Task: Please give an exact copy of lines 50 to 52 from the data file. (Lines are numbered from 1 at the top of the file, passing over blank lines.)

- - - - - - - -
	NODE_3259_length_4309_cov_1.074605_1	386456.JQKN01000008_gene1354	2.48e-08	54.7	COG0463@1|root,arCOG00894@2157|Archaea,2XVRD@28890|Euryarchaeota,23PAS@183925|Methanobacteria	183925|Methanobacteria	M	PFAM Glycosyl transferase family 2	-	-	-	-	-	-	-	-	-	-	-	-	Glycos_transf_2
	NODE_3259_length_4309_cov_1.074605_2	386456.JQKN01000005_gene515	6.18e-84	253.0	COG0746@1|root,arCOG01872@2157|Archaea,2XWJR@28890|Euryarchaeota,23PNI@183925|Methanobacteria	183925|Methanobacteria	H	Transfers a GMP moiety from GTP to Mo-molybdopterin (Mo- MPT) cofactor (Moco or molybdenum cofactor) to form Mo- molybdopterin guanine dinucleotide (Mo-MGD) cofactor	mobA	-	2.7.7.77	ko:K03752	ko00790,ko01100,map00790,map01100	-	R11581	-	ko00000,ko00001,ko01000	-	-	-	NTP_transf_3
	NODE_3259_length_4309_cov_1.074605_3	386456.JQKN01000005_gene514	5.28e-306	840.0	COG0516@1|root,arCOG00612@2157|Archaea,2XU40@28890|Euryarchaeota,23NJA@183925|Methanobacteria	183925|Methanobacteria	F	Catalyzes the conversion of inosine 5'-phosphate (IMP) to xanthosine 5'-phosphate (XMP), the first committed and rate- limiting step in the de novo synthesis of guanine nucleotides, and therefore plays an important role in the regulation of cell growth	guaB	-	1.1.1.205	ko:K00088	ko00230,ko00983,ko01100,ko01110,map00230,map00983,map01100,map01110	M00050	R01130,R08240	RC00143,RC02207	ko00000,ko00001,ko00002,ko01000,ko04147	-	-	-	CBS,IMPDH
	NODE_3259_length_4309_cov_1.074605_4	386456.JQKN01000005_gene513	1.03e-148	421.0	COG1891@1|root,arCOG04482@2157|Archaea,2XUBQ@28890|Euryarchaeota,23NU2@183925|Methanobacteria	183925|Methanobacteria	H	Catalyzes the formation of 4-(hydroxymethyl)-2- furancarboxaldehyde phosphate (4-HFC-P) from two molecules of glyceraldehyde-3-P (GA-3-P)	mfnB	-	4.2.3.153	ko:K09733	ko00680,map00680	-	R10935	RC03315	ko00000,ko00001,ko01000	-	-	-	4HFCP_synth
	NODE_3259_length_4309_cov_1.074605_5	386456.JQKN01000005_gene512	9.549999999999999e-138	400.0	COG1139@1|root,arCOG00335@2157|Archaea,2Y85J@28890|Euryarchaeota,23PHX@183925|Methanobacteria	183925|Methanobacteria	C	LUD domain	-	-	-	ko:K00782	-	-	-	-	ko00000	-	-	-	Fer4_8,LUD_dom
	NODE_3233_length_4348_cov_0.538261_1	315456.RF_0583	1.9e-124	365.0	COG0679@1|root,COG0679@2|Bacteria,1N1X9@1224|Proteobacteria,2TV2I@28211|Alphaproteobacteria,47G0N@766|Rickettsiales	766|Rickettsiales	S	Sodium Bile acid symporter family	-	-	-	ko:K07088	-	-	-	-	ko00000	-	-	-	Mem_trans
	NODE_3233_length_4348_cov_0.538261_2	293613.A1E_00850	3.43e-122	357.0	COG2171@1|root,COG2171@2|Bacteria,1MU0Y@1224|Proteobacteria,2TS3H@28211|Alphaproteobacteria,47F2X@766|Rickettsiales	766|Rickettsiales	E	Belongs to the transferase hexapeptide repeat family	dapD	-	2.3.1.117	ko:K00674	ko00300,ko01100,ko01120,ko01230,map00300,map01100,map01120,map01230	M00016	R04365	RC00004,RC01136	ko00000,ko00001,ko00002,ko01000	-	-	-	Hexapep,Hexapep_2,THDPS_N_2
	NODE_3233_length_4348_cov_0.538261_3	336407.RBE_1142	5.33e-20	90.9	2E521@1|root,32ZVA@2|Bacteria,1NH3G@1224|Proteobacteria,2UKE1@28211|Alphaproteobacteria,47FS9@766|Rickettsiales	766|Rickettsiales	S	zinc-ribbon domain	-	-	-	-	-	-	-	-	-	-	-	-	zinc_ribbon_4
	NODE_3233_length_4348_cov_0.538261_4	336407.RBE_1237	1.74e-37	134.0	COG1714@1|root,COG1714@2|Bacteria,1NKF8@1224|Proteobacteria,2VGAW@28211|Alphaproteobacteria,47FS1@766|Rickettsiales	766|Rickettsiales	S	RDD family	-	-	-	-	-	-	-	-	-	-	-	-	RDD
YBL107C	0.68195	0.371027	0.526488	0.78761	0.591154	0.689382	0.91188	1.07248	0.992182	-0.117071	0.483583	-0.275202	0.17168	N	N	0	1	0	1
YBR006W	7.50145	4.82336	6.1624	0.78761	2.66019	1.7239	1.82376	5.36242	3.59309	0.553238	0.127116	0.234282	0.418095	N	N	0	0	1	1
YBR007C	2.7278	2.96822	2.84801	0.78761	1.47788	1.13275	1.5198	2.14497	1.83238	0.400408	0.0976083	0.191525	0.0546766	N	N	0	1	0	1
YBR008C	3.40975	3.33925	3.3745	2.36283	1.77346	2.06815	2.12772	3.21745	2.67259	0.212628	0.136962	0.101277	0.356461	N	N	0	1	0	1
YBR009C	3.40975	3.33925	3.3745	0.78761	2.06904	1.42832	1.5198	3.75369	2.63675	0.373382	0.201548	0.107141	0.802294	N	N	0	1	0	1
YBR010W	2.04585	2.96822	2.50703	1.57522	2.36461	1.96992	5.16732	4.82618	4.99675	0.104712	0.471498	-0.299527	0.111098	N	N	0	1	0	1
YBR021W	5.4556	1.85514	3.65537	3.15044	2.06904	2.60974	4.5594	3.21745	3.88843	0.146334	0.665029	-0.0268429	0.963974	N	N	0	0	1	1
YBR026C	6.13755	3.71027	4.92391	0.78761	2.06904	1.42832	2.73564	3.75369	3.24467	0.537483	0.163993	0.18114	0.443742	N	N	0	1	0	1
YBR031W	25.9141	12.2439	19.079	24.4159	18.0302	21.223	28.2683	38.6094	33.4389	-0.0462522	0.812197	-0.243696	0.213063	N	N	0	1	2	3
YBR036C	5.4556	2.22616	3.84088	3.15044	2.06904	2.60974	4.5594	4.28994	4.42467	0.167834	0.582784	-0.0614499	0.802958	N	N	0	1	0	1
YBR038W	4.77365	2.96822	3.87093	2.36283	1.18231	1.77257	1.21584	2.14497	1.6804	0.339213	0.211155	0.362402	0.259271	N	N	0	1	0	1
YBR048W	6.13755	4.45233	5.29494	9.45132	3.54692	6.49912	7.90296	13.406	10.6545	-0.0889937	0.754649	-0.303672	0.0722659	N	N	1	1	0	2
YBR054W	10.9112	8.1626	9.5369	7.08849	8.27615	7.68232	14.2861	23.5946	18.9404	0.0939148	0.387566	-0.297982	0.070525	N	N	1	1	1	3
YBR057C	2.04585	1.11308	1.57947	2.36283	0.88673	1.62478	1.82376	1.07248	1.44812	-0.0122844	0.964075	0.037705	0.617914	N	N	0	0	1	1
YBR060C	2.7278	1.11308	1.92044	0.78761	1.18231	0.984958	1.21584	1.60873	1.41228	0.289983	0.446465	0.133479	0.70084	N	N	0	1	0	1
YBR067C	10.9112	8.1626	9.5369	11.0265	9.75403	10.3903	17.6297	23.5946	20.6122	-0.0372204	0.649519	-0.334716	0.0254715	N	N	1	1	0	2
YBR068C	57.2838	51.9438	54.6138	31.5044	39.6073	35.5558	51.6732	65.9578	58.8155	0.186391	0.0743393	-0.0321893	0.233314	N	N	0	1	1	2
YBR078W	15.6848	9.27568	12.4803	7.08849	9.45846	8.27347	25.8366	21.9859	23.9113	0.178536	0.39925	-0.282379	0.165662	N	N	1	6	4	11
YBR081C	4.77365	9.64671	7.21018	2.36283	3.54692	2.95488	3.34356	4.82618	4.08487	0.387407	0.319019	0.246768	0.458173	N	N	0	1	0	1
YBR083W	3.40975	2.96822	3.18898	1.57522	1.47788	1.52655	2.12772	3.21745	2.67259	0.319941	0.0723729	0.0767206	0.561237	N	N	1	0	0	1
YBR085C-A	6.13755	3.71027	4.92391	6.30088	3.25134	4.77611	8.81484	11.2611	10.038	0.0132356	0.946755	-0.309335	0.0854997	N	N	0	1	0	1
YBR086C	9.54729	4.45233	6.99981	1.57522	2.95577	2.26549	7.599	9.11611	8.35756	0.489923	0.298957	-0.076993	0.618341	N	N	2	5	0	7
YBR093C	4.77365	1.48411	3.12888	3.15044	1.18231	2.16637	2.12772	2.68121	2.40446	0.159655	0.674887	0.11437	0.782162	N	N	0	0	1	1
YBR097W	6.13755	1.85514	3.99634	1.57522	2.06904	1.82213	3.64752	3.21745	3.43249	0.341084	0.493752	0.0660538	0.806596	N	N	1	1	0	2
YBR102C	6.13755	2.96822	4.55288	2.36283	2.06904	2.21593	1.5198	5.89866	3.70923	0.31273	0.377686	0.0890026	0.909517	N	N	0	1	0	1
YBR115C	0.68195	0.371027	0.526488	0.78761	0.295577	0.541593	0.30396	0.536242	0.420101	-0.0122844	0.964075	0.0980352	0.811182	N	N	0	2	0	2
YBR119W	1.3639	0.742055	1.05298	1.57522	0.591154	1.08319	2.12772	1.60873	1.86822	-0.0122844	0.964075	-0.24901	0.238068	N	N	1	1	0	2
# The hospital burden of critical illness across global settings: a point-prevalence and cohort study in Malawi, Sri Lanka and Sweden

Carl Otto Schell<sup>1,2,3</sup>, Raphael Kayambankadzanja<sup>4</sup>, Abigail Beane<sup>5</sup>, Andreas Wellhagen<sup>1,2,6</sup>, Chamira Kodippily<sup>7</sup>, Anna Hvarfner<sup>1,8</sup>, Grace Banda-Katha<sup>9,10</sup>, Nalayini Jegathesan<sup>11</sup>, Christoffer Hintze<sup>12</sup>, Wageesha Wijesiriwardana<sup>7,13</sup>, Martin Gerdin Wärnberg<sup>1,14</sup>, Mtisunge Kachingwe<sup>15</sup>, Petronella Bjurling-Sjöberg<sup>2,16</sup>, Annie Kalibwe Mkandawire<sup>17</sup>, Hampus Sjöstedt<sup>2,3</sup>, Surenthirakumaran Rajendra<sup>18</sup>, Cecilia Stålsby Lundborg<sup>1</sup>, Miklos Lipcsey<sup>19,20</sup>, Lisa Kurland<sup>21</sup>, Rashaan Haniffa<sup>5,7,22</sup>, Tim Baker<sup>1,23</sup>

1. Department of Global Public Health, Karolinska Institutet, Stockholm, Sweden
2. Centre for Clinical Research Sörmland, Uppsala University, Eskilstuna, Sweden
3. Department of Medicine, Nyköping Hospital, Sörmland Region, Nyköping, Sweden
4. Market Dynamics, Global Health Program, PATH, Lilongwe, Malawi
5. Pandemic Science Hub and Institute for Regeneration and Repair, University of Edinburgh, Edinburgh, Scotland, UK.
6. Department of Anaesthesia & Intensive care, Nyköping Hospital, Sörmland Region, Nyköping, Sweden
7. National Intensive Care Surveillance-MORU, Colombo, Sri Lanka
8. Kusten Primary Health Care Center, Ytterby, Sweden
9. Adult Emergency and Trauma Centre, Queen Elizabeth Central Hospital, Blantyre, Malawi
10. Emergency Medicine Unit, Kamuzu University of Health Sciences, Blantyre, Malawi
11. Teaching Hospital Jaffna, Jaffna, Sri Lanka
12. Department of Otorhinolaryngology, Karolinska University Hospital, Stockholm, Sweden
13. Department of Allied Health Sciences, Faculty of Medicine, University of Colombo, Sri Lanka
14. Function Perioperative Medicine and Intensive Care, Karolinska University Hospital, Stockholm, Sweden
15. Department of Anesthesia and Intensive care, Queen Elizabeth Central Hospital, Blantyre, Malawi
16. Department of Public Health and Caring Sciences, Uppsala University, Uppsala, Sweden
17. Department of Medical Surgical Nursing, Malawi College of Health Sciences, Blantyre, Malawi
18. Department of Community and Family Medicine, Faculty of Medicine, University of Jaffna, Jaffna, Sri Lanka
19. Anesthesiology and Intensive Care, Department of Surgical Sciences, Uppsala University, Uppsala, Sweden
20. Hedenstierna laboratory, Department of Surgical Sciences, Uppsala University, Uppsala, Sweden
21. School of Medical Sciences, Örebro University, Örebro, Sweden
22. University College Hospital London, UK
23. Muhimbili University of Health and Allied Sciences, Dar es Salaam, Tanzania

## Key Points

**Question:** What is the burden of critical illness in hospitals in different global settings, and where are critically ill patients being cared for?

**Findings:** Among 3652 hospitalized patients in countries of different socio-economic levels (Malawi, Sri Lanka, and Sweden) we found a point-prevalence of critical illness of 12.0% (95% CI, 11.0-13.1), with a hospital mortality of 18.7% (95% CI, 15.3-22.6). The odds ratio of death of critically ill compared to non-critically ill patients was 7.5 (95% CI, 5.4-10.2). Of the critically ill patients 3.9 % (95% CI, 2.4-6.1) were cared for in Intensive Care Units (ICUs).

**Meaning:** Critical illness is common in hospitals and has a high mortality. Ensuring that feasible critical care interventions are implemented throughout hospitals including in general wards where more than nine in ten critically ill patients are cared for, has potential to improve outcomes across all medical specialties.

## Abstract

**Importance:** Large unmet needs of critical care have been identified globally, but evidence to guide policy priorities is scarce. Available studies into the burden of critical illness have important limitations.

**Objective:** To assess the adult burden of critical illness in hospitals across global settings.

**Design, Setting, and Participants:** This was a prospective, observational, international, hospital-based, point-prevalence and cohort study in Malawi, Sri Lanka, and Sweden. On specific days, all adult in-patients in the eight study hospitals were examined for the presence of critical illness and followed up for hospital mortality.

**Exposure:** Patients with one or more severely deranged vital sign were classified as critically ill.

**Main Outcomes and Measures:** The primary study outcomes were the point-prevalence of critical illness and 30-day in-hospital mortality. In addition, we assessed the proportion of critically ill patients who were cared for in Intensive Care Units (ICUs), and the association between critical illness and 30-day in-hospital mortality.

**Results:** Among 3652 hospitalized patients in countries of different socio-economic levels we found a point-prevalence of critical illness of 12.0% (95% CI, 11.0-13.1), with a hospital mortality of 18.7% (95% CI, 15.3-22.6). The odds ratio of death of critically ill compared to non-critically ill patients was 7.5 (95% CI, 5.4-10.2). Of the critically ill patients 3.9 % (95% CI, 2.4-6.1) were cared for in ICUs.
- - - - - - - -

12. Department of Otorhinolaryngology, Karolinska University Hospital, Stockholm, Sweden
13. Department of Allied Health Sciences, Faculty of Medicine, University of Colombo, Sri Lanka
14. Function Perioperative Medicine and Intensive Care, Karolinska University Hospital, Stockholm, Sweden